Police and cybersecurity firms are warning cyclists to be careful with the data they share on ride-tracking apps because they could be helping bike thieves.
Peter Murtagh, from Dublin, is a keen triathlete - but recently had his top of the range racing and road bikes stolen in a daring, daylight raid on his house.
"I came downstairs and noticed one of my bikes, it was gone. That was in the front of the house," Mr Murtagh told Sky News.
"Little did I know, the thieves were still in the house, they'd got in with a crowbar, they broke three windows and they stole my second bike too."
Mr Murtagh cannot prove it, but thinks he might know why the thieves knew exactly where to look.
He had been using an app that logs cycling data, called Strava, to track his cycling speeds and compete against other users - but her did not realise his settings were the default ones - which are "public".
The setting meant that the start and end of his rides could easily be seen online. He had also recorded the make and model of his top of the range time-trial bikes.
"I've been using Strava for four years," he says. "I had… the two bikes listed. So anybody could log on to Strava, search my name, and they'd be able to find my exact location.
"I suspect Strava played a role in targeting me, as my bike's always locked in my house. So it seems the criminals were just after the bikes, that's all they stole."
Mr Murtagh has now changed his privacy settings - and says social media is not all bad - he managed to get his bikes back after posting about his loss on Facebook and Twitter.
But his experience is not uncommon. Adam Lang is a police officer in Gwent - he says the force noticed a spike in bicycle thefts in January and February.
"The common denominator was high-end bikes," Mr Lang tells Sky News.
"We needed to contact the victims and see if we could find if there was any connection between them. And through those enquiries we came up with the fact these mapping apps were being used, not by all, but there were quite a lot of them.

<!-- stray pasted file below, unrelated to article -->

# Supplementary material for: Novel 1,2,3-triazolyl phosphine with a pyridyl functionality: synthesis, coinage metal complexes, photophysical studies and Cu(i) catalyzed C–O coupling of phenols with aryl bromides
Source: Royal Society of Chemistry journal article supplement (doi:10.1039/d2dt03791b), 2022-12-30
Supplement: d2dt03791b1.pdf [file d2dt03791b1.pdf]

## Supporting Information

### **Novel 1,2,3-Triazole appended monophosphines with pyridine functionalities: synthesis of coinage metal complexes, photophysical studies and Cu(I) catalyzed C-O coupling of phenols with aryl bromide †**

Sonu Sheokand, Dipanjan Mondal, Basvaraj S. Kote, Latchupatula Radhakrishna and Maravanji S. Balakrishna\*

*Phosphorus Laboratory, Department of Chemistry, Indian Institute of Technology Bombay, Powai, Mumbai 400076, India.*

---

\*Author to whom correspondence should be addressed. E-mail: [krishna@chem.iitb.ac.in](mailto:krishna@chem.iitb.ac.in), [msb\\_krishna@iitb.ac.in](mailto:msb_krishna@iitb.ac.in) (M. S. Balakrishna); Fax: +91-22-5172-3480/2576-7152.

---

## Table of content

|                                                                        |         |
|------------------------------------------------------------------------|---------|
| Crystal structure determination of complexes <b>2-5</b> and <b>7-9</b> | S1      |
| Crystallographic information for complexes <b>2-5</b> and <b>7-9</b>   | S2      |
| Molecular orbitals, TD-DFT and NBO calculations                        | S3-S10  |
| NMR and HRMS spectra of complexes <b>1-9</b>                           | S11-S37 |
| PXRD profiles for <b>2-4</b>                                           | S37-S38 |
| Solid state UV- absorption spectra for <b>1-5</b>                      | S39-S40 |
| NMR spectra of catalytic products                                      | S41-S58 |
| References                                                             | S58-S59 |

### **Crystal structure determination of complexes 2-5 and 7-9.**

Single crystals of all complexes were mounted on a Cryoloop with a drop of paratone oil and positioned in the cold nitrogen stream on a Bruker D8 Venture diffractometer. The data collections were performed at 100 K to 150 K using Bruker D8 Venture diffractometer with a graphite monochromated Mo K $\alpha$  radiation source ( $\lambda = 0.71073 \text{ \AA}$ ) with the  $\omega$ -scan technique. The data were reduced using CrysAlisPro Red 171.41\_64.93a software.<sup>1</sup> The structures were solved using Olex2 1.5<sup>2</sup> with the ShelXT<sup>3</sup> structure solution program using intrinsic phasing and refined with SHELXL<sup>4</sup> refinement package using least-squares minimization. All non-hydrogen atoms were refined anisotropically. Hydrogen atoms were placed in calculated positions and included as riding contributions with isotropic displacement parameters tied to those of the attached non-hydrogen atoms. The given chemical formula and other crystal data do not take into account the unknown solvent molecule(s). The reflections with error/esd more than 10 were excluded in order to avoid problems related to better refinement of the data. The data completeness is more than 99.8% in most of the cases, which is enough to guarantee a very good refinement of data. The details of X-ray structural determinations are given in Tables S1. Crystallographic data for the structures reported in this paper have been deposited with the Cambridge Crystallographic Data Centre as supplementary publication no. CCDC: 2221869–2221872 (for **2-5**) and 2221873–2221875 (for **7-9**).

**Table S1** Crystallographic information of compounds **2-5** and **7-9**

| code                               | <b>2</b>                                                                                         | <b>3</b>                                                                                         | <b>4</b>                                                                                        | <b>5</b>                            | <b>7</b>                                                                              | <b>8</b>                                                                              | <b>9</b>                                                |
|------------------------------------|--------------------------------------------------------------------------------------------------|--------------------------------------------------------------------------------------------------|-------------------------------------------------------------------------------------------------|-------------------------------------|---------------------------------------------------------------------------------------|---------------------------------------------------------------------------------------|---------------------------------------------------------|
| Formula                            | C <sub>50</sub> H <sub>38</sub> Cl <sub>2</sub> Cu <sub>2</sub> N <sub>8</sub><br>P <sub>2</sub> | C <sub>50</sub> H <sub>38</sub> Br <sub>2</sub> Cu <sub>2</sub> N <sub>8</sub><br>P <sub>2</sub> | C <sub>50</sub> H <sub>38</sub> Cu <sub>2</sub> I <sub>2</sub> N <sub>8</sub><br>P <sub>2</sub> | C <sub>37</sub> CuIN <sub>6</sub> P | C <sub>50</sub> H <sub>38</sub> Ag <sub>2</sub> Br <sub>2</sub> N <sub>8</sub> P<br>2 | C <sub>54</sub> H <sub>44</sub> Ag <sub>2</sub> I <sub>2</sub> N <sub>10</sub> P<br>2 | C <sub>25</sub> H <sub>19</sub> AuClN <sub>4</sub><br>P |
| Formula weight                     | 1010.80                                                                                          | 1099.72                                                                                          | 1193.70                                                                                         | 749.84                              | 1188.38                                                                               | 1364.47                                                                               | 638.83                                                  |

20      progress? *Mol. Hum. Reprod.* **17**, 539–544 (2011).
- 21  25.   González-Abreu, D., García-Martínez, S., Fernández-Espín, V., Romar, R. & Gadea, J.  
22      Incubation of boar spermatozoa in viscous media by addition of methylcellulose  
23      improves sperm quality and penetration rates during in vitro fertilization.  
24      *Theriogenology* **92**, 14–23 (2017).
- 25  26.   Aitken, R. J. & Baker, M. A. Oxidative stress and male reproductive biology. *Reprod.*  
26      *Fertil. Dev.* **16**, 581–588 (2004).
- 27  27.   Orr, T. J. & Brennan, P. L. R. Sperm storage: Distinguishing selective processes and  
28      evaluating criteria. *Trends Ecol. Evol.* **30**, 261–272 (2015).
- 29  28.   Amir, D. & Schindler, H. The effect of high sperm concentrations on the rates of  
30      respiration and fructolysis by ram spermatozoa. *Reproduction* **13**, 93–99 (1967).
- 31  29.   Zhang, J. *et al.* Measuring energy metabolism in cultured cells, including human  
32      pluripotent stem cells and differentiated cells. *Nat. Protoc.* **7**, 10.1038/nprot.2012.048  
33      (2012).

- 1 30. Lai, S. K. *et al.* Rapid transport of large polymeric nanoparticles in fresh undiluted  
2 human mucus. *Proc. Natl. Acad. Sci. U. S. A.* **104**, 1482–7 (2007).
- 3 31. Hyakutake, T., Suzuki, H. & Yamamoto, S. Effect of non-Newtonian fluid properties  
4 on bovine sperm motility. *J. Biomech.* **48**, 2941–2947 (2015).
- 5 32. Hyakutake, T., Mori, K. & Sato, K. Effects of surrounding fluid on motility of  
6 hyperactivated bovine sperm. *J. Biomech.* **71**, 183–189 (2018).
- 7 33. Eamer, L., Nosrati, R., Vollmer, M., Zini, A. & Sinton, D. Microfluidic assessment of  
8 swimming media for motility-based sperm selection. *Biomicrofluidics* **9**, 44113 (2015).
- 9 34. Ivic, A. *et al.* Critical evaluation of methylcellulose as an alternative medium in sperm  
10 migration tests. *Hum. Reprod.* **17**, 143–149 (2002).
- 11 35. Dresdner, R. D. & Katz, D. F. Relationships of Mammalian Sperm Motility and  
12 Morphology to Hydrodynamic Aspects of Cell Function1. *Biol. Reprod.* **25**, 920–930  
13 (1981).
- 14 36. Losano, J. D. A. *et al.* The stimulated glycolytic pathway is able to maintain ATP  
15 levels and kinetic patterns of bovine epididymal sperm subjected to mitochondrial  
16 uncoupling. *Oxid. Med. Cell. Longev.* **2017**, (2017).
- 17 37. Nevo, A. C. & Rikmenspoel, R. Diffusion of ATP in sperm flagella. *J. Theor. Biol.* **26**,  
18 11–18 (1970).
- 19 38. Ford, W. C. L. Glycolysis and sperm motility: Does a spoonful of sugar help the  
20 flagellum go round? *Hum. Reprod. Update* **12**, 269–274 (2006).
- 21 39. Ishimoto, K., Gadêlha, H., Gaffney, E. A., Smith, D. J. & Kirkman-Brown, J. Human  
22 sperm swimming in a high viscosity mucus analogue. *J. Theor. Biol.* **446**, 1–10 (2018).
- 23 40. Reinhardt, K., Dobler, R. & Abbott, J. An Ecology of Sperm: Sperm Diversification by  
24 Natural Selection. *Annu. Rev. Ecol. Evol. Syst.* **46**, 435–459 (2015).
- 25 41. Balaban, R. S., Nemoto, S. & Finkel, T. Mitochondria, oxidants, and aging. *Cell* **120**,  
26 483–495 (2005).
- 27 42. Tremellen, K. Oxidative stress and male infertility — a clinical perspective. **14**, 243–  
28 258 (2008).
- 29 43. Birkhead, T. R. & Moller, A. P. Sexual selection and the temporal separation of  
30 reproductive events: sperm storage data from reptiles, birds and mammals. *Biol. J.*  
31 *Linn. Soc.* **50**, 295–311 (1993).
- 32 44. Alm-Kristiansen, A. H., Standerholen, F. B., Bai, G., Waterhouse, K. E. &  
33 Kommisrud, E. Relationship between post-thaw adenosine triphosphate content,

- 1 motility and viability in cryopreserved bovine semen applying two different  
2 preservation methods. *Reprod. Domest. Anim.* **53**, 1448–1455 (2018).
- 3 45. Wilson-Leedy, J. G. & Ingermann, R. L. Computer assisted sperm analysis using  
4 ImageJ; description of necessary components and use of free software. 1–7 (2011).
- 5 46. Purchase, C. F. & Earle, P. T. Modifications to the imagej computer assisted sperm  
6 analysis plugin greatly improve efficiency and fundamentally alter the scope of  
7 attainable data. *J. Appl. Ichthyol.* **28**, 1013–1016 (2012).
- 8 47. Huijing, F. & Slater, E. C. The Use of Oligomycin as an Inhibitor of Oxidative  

"Due to the fact they were all high-end bikes and they were clearly targeted, we feel these mapping apps could be used to target these high-end bikes. Because looking at the maps, you could clearly see where these people had started their rides and where they'd finished them."
Mr Lang says cyclists need to be more aware of the problem when using any kind of tracker app.
"I think social media, that's been well advertised that you should have your accounts locked down and regularly check your privacy settings," he says.
"I don't think a lot of people were aware that these mapping apps can basically give a huge amount of information to a would-be thief. So we need to have people checking their privacy."
But experts warn that even with privacy settings on cyclists should be careful since apps can still be hacked.
Joel Windels, vice president of marketing at cybersecurity firm Wandera, showed us how thieves could use a feature - intended to help users by keeping home locations secret - to their advantage.
When Strava's "privacy zone" is activated, it masks where you start and end your cycle ride or jog, so the line on the map vanishes.
But Mr Windels says: "The problem is that by taking the points at which your run disappears, you can actually triangulate your location.
"If you look at three different runs that someone has done using the Strava app, you'll actually be able to draw circles round them, and if you enlarge those circles, where they meet is where that person is trying to keep secret."
So what should cyclists do?
Mr Windels says: "My suggestion would be to randomise your own privacy zone. So when you leave the house for your next cycle, perhaps turn it on 100 metres away from your home."
When Sky contacted Strava, it told us it had not seen any verified cases of bicycle theft related to its platform.
And it is reviewing its app to make sure some features cannot be used by those with bad intentions.
Meanwhile, though, bike campaign groups say it is up to cyclists themselves to check their settings on any ride-tracking apps they use, and be careful about what they post online in general.
Louise Gold, head of Behaviour Change at SusTrans, says: "Like with any social media, you need to be careful about where your information is going. So don't publish pictures of your flashy new bike to Facebook or Instagram.
"If you really, really must, then ensure your settings are private."